True, but you should be careful lest you perpetuate misinformation yourself.

  • Actually, I found no reference to the word 'dickhead' when I looked up the word.....

    What dictonary are you using?
  • I'm going to copyright my name, John. Then Im going to sue to have every else named John shot.

    And then you would have to sue every bathroom user
  • I would've found it far more interesting if the IOC was suing NSI for selling these names (especially since they're retaining the "ownership" of the names and hence the liability).

  • This is an example of something that really should be in the public domain being hogged up by a special interest. The Olympic Committee thinks their rights are being edged out -- well, the Olympics themselves belong to the world. Who do they think they are?
  • Doesn't NSI only claim to own all the .com, .net, and .org registered to THEM? I personally use another registrar, with their own database and whois server. To claim that NSI also owns those domain names not even registered with them is laughable.
  • we don't want consumers duped into purchasing items they think are Olympic-related when they are not

    translation: we DO want users duped into purchasing any useless item, just because is "official sponsor of the Olympic Games"
  • Can I register ïëõìðéáêüò NSI or does the IOC also have a trademark on the Greek. How about registering olympiakos?

    ATTN: IOC -- Legal Dept
    Olympiakos A.E. (OLYMPIAKOS-DOM)
    3643 Elder Oaks BLVD Suite 6209
    Bowie, MD 20716

    Domain Name: OLYMPIAKOS.COM

    Administrative Contact, Technical Contact, Zone Contact, Billing Contact:
    Georgiou, Kiriakos (KG120) kiriakos@UNFORGETTABLE.COM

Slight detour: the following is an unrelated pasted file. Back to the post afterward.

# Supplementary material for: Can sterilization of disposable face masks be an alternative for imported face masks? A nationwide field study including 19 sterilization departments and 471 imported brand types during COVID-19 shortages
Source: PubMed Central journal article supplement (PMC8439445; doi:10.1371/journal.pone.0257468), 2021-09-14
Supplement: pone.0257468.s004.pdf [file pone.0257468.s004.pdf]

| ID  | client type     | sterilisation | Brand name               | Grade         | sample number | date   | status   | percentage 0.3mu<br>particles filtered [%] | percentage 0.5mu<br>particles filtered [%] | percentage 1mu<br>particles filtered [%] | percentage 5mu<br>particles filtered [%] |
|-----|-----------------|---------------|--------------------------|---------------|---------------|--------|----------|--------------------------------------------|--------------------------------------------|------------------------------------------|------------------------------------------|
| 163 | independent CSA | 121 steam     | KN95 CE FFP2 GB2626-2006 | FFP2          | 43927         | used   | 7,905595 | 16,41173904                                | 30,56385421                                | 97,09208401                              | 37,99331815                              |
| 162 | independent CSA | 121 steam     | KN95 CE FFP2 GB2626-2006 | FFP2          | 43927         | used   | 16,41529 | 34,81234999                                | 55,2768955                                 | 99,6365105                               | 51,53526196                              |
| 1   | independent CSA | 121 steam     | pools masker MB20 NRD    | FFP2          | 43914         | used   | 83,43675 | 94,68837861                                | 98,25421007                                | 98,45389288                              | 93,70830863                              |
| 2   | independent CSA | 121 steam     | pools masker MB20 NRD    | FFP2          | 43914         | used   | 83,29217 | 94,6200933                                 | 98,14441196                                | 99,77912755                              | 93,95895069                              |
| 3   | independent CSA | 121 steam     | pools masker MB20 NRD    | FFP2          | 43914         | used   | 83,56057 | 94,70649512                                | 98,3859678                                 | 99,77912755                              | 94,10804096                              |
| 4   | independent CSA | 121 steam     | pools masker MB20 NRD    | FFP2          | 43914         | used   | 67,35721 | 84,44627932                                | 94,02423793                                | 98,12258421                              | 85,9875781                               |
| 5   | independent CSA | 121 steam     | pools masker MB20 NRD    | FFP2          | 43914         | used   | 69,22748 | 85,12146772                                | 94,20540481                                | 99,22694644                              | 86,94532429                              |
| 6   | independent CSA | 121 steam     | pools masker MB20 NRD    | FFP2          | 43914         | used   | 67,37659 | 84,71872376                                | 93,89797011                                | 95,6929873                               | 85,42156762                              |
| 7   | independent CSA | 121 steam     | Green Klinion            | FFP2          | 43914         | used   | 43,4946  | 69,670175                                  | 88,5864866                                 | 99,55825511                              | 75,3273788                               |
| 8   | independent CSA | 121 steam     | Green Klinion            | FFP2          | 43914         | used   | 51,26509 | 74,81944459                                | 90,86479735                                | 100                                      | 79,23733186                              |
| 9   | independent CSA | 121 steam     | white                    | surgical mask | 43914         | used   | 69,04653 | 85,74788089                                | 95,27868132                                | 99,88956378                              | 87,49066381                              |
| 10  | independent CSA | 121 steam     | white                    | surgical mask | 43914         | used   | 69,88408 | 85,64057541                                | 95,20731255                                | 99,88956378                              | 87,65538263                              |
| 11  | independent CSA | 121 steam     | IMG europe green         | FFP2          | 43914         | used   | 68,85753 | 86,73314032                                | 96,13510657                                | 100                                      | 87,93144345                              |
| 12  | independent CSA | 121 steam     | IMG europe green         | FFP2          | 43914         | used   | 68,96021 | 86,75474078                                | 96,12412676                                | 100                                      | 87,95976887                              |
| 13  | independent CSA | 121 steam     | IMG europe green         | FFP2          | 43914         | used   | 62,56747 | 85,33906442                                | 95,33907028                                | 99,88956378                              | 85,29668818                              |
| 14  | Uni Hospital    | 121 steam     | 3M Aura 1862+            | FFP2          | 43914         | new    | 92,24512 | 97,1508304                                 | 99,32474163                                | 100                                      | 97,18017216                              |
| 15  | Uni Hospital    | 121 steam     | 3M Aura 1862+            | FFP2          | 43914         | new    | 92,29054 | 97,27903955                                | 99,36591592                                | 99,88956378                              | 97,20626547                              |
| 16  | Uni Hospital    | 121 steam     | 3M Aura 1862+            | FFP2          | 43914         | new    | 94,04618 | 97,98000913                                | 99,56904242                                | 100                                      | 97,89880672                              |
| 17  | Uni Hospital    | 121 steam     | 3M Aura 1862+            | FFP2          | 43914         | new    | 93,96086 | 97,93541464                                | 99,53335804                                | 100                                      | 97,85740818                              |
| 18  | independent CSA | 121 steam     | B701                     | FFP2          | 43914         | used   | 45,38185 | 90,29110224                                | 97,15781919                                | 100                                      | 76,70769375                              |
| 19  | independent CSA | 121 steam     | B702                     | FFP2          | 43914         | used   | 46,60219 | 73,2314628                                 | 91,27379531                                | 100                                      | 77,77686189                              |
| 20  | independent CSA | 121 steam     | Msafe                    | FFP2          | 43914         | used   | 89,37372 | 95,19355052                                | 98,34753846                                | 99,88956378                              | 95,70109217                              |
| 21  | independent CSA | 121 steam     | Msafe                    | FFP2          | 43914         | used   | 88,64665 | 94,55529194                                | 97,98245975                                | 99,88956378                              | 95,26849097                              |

Olympiakos A.E.
    3643 Elder Oaks Blvd Suite 6209
    Bowie, MD 20716
    301 809 6157

    Record last updated on 17-Apr-2000.
    Record expires on 04-May-2001.
    Record created on 03-May-1995.
    Database last updated on 13-Jul-2000 21:05:17 EDT.

    Domain servers in listed order:


    BUFFALO, NY 14222

    Domain Name: OLYMPIAKOS.NET

    Administrative Contact, Billing Contact:
    Tsouflidis, Nick (NT2329) webmaster@MODERN-NET.COM
    Modern Networks
    708 Elmwood Avenue
    Buffalo, NY 14222
    none of your business (FAX) none of your business
    Technical Contact, Zone Contact:
    mydomain Support (MS311-ORG) support@MYINTERNET.COM
    mydomain Support
    Email to address provided
    Email to address provided
    +1 (888) 700-4087

    Record last updated on 26-Jun-2000.
    Record expires on 07-Apr-2002.
    Record created on 07-Apr-2000.
    Database last updated on 13-Jul-2000 21:05:17 EDT.

    Domain servers in listed order:


  • they don't do this because they have always zealously protected their trademarks. the corporate sponsors of the olympics (like mcdonalds) pay lots of money to use the trademarks. the olympics feels it has a responsibility to make sure that no one uses those trademarks who doesn't pay.